Religious leaders in the US and elsewhere have criticised president Donald Trump for "inflaming violence" after he posed outside a church holding a bible.
Reverend Mariann Budde, who oversees St John's Episcopal Church in Washington, said she was "outraged" by the US President's decision to use the place of worship she oversees for a photo-op during a national crisis.
She told The Washington Post that neither she nor the rector in charge of the church - which suffered fire damage during yesterday's protests - were informed of his visit in advance, nor "that they would be clearing with tear gas so they could use one of our churches as a prop".
We are followers of Jesus. In no way do we support the President’s incendiary response to a wounded, grieving nation. We stand with those seeking justice for the death of George Floyd through the sacred act of peaceful protest.— Mariann Budde (@Mebudde) June 2, 2020
Tonight President just used a Bible and a church of my diocese as a backdrop for a message antithetical to the teachings of Jesus and everything that our church stands for. To do so, he sanctioned the use of tear gas by police officers in riot gear to clear the church yard. 1/1— Mariann Budde (@Mebudde) June 2, 2020
Rev Budde went on to criticise the President for being photographed with the bible, accusing him of seeking to "inflame violence".
"Holding a bible, one that declares that God is love and when everything he has said and done is to enflame violence," she said. "I am beyond. We need moral leadership and he's done everything to divide us and has just used one of the most sacred symbols of the Judeo-Christian tradition."
Other religious leaders expressed similar sentiments.
James Martin, a Jesuit priest from New York, tweeted: "Let me be clear. This is revolting. The Bible is not a prop. A church is not a photo op. Religion is not a political tool. God is not your plaything."
Vicar of Auckland's St Matthew-in-the-City, Helen Jacobi, also expressed her dissatisfaction with president Trump's actions.
"Episcopalians (Anglicans in the US) are justifiably horrified by this hijacking of God's church and scriptures. Shameful. Blasphemous," Jacobi tweeted.
It came after Trump announced he would mobilise "heavily-armed military forces" to stop the "rioting and looting" taking place in protests across the United States, declaring the riots a "total disgrace".
In a dramatic escalation of the country's national crisis, Trump said he has recommended every US governor to deploy the National Guard to "dominate the streets" to have an "overwhelming presence" to quell the violence.
"First we are ending the riots and lawlessness that has spread throughout our country. We will end it now," he said from the White House Rose Garden today.
"Today I have strongly recommended to every governor to deploy the National Guard in sufficient numbers that we dominate the streets. Mayors and governors must establish and overwhelming law enforcement presence until the violence has been quelled.
"If a city or state refuses to take the actions that are necessary to defend the life and property of their residents, then I will deploy the United States military and quickly solve the problem for them."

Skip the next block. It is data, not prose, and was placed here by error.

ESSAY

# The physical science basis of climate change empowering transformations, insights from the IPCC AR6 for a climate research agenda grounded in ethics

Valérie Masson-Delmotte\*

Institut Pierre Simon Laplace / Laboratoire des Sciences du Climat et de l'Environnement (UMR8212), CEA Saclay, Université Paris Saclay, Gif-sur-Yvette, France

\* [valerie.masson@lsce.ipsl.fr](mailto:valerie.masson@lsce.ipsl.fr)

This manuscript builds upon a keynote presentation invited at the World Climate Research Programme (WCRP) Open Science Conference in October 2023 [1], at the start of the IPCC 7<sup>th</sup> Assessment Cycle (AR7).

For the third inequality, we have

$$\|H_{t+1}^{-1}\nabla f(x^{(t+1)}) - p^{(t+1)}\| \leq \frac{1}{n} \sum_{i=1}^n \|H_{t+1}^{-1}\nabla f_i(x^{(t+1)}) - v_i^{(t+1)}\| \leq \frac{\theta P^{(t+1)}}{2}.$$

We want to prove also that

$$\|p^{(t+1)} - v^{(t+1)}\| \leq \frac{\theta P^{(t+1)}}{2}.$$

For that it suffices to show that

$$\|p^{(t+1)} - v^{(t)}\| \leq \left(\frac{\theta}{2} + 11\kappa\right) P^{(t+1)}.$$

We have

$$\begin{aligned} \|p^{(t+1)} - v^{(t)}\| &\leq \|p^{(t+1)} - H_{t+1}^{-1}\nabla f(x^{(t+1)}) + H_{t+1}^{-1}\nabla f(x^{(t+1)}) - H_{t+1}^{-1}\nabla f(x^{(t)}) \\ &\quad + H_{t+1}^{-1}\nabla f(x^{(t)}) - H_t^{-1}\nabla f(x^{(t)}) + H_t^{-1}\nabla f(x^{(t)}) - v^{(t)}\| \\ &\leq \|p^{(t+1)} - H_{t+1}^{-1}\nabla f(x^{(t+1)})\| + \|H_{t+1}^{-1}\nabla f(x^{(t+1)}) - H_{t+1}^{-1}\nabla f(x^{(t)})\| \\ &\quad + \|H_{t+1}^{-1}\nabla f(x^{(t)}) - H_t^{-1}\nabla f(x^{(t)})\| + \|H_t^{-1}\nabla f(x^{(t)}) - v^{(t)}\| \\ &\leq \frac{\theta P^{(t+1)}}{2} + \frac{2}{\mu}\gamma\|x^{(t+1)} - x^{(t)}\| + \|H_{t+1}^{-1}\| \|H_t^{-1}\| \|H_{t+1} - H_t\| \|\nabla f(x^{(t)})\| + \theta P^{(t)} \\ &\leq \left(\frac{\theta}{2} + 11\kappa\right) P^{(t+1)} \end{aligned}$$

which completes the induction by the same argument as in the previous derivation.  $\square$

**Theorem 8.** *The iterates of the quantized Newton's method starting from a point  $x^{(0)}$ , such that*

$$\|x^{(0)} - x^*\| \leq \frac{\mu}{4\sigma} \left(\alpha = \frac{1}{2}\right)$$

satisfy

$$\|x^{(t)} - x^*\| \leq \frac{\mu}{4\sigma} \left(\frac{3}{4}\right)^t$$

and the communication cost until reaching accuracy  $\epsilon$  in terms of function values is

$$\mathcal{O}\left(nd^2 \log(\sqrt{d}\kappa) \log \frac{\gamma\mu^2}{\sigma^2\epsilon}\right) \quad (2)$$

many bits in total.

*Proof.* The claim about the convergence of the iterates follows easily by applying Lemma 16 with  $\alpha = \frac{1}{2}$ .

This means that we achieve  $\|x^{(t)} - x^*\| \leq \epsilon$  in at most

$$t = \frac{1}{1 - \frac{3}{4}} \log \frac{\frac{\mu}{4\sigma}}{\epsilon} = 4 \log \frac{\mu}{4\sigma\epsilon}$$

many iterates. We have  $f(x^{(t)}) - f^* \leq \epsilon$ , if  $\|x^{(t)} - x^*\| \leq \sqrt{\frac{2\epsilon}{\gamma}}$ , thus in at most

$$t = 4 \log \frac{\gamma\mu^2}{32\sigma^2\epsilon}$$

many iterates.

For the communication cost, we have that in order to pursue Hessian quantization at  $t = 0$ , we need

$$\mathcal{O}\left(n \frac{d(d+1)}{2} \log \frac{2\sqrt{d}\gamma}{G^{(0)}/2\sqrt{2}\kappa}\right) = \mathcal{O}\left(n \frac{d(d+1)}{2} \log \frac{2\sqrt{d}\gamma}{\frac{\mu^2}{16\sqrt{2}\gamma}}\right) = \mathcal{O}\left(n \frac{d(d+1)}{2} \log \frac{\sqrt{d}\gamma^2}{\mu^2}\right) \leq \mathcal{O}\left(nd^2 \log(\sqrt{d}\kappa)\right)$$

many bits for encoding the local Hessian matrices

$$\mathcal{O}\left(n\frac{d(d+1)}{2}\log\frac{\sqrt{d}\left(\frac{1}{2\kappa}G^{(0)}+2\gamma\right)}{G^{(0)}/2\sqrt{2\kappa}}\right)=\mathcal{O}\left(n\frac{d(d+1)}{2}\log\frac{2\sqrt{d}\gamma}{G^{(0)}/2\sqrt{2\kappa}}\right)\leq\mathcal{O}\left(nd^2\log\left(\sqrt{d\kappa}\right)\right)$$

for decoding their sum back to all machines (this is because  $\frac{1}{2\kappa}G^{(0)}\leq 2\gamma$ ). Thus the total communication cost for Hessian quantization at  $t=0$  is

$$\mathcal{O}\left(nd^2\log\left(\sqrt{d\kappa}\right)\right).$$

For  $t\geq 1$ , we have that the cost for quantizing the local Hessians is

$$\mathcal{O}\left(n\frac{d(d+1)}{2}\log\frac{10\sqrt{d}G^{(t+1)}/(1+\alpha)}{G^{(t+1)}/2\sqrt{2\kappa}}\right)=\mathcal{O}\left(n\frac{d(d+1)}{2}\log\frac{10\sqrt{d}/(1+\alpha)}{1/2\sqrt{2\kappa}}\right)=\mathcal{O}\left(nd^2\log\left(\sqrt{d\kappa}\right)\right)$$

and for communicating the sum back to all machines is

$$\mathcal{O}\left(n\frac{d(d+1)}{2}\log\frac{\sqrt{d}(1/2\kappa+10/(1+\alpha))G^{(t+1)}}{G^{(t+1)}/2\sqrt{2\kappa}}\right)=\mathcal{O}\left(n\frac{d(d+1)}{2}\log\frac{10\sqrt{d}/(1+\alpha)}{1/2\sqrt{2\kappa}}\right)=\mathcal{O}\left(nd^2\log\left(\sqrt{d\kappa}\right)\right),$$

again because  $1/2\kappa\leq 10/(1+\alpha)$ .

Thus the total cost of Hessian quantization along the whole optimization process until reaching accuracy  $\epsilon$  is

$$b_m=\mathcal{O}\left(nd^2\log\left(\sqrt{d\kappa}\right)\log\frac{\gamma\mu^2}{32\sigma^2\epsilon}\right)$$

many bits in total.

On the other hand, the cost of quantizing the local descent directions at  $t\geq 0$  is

As an Episcopalian, I utterly disavow this use of my church as a racist prop.— Diana Butler Bass (@dianabutlerbass) June 2, 2020
As a Christian, I utterly disavow this use of scripture as a racist prop.
As a person of faith, I utterly disavow this use of God as a racist prop.
As a human being, I vow to work for love & justice. pic.twitter.com/kusCdhVvuC
Episcopalians (Anglicans in the US) are justifiably horrified by this hijacking of God’s church and scriptures. Shameful. Blasphemous. https://t.co/khvRCL0puY— Helen Jacobi (@RevHelenJacobi) June 2, 2020
He said the nation has been "gripped by professional anarchists, violent mobs, arsonists, looters, criminals, rioters, Antifa and others".
The announcement follows days of violent protests that have gripped the nation in the wake of the death of George Floyd, who died after being pinned down by white police officer Derek Chauvin for nearly nine minutes.
Trump described the protests in Washington DC as a "total disgrace", and said he would dispatch "thousands and thousands of heavily-armed soldiers, military personnel and law enforcement officers" to "stop the rioting, looting, vandalism, assaults, and the wanton destruction of property".
He also announced a strict 7pm curfew, saying "organisers of this terror … will face severe criminal penalties and lengthy sentences in jail".
"We have one beautiful law and once that is restored and fully restored, we will help you, we will help your business and we will help your family," he said.
After his address, Trump walked out of the White House and staged a televised walk to St John's Church, where thousands of protesters have been gathering.
It comes after Trump lashed out at US governors, calling them "weak" and saying they will look like a "bunch of jerks" if they don't start arresting people.
On a video conference with national security officials and top police he said "most of you are weak", according to leaked reports of the conversation.
"You've got to arrest people, you have to track people, you have to put them in jail for 10 years and you'll never see this stuff again," he said.
President Donald Trump walks from the White House through Lafayette Park to visit St John's Church. (Photo / AP)
"We're doing it in Washington, DC. We're going to do something that people haven't seen before."
Trump said the governors were making themselves "look like fools" for not putting more National Guard on the streets.
He urged leaders of New York, Philadelphia and Los Angeles to crack down on protesters and suggested reviewing criminal penalties for burning the American flag.
The comments come as the US wakes in the aftermath of violent protests across the nation on Sunday night following the death of George Floyd.